Especially when he was offering Randox and Lynn’s as solutions to these problems. So dim that he was found to have breached the rules at least 14 times and still couldn’t see what he had done wrong after the parliamentary commissioner on standards had repeatedly pointed it out to him.

This was also roughly the same argument that Jacob Rees-Mogg used to open the 90-minute debate as he chose to talk about the amendment as a fait accompli even before Leadsom had introduced it.

He wasn’t there to judge whether Paterson had breached the rules or not. That was not within his remit. All he was asking for was that another committee might be formed that would come to a different conclusion and let Owen off.

One that would make allowances for particularly thick MPs who were seemingly unable to grasp the consequences of their actions.
The whole thing stank. This was as clear an example of Tory sleaze as you could hope for. The government hadn’t got the result it had wanted from the investigation so it was going to set up another body who would come up with the correct one. One rule for MPs, one for the rest of the country. No wonder people’s trust in politicians was so low.

Rees-Mogg was horrified that anyone could believe this of him. The whole point of making this debate a party political issue was precisely because it wasn’t.
Labour’s shadow leader of the Commons, Thangam Debbonaire, kept it short and sweet, pointing out that the Tories had never expressed any doubt about the probity of the system before.

Indeed they had gone out of their way to insist that sex-pest Tory MP Rob Roberts couldn’t be subject to a recall petition as it would be completely wrong to change the rules retrospectively. But now apparently it was OK. Go figure.

Much of the rest of the debate passed for surreal performance art. A government doing its best to trash what remained of it and parliament’s reputation, while daring the public not to notice.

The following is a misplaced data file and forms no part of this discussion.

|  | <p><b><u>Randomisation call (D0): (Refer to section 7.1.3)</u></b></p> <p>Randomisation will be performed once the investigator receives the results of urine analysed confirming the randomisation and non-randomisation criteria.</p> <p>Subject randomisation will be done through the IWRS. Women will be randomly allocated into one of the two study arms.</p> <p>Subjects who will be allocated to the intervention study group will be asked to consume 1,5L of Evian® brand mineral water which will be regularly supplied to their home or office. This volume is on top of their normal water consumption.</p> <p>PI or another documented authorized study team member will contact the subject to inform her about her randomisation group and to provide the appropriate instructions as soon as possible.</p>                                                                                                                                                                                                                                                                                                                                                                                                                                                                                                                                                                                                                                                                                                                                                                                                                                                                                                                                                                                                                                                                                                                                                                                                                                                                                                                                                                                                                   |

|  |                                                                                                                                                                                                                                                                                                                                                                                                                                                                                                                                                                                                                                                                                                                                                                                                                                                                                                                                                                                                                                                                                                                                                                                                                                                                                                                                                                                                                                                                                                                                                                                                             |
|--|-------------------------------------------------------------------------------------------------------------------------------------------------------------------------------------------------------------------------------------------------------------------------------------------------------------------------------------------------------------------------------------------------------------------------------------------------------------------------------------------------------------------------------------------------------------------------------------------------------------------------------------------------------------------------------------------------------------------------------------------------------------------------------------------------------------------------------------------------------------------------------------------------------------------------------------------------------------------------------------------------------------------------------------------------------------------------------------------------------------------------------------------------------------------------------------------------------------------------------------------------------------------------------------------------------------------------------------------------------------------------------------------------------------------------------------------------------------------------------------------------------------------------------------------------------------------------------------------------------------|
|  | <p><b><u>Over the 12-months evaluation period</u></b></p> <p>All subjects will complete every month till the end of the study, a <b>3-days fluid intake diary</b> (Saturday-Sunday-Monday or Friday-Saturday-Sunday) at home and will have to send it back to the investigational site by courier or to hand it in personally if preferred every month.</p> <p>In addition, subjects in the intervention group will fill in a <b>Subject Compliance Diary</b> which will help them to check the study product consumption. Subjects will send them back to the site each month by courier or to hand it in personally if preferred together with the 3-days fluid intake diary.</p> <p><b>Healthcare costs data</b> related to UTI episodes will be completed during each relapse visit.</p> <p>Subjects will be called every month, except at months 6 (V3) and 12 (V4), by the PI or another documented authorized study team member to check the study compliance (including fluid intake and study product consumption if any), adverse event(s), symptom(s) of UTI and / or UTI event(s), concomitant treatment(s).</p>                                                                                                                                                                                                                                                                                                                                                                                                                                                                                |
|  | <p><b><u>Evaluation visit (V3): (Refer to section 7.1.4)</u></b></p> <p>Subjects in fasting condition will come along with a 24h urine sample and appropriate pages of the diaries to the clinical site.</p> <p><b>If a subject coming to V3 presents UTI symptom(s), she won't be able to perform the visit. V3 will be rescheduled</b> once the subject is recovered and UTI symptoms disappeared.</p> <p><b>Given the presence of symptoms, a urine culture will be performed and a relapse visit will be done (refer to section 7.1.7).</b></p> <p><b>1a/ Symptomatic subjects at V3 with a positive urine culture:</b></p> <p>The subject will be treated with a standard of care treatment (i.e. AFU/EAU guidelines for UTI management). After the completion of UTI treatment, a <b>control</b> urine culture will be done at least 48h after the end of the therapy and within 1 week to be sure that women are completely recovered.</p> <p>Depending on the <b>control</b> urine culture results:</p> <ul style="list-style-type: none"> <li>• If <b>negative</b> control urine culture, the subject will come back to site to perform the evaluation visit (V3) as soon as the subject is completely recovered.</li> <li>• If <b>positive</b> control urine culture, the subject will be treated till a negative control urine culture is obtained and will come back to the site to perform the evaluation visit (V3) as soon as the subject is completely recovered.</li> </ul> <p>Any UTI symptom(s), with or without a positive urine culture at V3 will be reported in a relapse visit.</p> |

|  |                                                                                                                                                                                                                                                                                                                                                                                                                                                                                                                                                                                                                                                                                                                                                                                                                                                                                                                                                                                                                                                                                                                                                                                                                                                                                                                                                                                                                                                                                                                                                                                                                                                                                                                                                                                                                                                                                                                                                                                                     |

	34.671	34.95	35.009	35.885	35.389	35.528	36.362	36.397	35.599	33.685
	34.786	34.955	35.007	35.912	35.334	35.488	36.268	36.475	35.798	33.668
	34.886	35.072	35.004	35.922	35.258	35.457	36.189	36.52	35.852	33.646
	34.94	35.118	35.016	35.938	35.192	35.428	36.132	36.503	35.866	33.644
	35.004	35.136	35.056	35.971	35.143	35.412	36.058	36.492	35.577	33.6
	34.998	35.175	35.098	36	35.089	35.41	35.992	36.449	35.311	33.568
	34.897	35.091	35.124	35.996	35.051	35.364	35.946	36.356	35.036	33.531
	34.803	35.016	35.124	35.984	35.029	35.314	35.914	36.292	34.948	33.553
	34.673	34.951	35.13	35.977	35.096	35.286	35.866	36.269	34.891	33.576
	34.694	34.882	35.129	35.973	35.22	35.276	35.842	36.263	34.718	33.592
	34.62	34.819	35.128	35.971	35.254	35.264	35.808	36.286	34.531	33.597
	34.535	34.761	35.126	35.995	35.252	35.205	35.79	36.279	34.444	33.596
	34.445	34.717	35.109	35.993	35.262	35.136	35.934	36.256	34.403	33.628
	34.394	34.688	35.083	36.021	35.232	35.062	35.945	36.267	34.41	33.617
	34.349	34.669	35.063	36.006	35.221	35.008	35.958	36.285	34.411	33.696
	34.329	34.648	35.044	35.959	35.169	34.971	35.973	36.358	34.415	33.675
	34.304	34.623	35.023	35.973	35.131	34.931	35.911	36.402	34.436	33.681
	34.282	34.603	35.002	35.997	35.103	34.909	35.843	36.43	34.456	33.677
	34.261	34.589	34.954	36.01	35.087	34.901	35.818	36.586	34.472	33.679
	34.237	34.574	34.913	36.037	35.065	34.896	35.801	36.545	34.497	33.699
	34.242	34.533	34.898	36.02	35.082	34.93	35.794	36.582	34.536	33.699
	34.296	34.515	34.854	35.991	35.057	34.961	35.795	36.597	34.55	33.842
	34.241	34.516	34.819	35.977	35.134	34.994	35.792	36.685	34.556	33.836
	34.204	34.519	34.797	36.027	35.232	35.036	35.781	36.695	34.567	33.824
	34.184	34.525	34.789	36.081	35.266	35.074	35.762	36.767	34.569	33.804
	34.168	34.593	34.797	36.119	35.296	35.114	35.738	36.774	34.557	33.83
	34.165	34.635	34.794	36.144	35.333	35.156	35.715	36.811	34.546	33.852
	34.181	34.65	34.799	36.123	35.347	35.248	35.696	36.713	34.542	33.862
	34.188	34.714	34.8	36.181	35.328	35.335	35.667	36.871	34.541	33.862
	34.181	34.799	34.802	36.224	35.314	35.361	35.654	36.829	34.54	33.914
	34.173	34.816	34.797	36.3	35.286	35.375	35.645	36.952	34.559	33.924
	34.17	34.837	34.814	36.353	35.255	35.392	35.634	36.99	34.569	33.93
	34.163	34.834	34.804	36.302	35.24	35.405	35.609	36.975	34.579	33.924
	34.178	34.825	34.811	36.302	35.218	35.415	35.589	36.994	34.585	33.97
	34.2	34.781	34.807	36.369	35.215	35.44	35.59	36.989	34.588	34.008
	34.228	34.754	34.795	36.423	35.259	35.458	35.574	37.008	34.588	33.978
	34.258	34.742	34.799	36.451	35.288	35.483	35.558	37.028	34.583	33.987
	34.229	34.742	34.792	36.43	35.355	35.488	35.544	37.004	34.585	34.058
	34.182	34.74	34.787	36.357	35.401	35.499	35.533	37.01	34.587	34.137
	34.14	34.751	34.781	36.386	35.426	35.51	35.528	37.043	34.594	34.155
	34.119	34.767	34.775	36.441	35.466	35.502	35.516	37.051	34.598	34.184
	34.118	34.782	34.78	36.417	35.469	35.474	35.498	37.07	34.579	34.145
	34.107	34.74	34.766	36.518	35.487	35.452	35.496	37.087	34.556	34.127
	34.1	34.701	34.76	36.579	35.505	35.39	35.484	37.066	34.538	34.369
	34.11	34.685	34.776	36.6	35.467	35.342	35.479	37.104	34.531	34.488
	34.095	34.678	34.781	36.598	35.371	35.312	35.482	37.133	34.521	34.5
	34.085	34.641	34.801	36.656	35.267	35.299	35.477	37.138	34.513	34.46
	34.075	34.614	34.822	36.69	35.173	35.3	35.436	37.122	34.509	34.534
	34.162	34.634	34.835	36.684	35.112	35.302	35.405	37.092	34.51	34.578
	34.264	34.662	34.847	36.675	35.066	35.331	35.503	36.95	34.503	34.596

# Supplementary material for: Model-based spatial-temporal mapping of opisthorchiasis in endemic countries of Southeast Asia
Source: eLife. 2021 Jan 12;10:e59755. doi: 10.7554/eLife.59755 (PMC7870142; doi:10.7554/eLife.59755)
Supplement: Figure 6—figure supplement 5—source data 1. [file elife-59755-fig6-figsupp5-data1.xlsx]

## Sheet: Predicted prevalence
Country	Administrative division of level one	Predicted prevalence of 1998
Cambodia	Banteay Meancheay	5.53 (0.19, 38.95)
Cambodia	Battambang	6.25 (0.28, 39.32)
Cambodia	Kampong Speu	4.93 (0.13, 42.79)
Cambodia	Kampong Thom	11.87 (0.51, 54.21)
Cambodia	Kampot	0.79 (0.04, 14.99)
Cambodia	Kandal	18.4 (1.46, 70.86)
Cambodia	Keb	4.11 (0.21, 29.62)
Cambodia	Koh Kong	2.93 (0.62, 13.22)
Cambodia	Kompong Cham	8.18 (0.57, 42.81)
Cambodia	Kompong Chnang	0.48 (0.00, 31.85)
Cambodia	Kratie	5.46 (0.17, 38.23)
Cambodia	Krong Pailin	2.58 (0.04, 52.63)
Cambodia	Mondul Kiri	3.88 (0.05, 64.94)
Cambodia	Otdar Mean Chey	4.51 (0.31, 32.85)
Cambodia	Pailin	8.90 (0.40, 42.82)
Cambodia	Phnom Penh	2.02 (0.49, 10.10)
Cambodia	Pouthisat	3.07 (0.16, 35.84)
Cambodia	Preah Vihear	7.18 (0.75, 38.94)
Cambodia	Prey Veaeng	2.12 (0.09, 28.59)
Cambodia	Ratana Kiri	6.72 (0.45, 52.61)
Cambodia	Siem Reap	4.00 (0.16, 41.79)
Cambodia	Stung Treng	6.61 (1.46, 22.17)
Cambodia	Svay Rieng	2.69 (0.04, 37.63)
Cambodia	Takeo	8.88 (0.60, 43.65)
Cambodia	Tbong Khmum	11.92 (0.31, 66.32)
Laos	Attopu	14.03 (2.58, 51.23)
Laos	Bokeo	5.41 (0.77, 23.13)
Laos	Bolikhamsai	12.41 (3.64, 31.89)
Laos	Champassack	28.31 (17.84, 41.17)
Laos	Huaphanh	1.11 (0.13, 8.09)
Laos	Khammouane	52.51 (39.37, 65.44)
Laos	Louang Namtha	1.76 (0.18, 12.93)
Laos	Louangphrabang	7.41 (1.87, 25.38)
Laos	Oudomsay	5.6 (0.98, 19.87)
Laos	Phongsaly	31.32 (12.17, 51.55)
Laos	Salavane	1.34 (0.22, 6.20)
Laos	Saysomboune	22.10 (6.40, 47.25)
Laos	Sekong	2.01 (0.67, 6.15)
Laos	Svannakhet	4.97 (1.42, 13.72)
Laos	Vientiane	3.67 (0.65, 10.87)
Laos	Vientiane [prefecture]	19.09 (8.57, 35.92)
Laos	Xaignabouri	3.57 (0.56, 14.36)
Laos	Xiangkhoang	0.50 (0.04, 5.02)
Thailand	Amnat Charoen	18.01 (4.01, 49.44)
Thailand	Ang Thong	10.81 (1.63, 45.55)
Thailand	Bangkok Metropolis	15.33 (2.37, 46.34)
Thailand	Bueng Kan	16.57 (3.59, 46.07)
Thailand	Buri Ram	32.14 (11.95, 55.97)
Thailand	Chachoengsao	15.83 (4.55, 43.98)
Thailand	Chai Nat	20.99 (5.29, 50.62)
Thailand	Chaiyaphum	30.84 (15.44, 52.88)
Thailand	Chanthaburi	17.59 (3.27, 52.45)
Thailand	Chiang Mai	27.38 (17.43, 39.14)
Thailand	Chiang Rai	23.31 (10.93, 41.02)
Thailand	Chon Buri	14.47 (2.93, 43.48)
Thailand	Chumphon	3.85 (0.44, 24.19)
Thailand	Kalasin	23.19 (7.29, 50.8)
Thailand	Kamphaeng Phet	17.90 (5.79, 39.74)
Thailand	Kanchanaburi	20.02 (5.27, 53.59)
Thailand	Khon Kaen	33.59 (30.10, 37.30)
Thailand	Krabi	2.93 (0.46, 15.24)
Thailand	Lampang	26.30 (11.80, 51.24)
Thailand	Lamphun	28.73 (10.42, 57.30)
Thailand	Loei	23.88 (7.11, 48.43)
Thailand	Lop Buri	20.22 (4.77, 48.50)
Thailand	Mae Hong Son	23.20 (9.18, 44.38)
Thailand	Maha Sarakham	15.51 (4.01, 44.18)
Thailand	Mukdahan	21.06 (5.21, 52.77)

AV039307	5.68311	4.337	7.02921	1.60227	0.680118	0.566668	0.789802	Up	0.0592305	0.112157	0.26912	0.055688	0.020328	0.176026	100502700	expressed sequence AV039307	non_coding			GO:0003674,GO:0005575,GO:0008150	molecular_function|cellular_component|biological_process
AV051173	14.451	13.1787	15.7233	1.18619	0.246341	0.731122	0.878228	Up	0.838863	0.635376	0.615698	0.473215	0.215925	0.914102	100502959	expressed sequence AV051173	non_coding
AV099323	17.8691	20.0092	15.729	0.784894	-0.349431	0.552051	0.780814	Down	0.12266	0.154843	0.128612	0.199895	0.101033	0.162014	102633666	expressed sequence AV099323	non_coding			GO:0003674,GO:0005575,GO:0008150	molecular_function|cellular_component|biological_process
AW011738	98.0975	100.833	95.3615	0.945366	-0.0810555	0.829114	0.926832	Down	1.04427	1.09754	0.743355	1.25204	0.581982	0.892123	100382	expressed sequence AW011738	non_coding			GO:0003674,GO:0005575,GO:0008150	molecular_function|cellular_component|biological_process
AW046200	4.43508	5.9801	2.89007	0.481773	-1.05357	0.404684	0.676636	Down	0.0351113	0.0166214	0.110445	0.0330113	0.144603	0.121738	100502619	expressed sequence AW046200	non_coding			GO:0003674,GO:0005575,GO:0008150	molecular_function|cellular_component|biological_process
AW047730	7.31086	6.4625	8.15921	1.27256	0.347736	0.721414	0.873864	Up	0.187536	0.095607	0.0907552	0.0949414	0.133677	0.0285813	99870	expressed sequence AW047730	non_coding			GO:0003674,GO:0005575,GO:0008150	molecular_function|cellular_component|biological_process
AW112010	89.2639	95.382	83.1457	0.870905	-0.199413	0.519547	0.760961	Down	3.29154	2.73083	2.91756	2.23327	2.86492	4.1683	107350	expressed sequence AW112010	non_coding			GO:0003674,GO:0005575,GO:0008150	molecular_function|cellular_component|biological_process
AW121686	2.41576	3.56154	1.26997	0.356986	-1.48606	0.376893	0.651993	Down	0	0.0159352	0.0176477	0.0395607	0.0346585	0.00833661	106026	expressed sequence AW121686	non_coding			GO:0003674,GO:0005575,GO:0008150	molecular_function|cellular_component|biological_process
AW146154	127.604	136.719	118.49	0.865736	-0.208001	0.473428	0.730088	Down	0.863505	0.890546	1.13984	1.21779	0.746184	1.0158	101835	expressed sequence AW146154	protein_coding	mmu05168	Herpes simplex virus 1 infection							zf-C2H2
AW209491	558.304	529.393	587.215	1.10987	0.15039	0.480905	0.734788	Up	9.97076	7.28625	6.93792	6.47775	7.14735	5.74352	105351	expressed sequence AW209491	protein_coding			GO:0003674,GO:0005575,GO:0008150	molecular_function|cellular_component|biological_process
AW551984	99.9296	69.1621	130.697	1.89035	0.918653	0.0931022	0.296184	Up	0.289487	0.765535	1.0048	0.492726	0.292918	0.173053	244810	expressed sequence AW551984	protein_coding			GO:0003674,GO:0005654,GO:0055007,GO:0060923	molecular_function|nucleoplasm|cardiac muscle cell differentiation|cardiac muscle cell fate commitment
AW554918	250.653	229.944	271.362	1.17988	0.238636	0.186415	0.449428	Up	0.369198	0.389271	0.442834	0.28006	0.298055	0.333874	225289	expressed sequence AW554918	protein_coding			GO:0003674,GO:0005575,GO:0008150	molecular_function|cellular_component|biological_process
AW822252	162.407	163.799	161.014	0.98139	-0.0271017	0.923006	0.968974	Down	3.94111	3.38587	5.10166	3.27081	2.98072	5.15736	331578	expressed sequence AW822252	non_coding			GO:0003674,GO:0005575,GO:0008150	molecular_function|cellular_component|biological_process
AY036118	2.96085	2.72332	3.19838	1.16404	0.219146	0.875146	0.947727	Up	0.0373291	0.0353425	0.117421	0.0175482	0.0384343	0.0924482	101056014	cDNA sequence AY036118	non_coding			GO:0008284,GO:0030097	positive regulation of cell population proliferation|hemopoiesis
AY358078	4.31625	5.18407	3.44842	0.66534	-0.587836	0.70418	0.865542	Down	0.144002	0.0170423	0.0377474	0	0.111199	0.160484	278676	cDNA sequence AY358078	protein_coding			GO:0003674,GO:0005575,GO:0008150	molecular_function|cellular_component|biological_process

…so…that whole “divided by a common language” thing…could be I’m wrong…but it strikes me that these days both the UK & the US are themselves pretty divided…but either side of those divides certainly seem to share their own common language…particularly the conservative ones?

Jeffrey Clark, a former Justice Department official involved in former President Donald J. Trump’s frenzied efforts to overturn the 2020 presidential election, refused to cooperate on Friday with the House committee investigating the Jan. 6 Capitol attack, leading to a sharp rebuke from the committee’s chairman.

The standoff between Mr. Clark and the committee is the second such confrontation since Congress began investigating the circumstances surrounding the Capitol violence, seeking information on Mr. Trump’s attempts to subvert the election. The House has already voted to find one Trump ally, Stephen K. Bannon, in criminal contempt of Congress for stonewalling the inquiry.
Mr. Bannon also cited Mr. Trump’s directive for former aides and advisers to invoke immunity and refrain from turning over documents that might be protected under executive privilege in his refusal to cooperate. A federal judge expressed skepticism on Thursday about the merits of Mr. Trump’s lawsuit against the committee seeking to block from release at least 770 pages of documents related to the Capitol riot.


…break your word…break the law…break terms you agreed to…try to retrospectively alter things to evade the consequences of your own actions…operate exclusively from a position of arrogance & bad faith…there sure does seem like there’s a lot of conservative common ground…so with all due respect to mr john major…I don’t buy that any of this stuff is “unconservative”…it seems spectacularly on-brand from where I’m sitting

Policy is rational. Politics is not. It takes a story to move voters, an emotional connection that tells them something about themselves and the world in which they live or, alternately, the world in which they would like to live.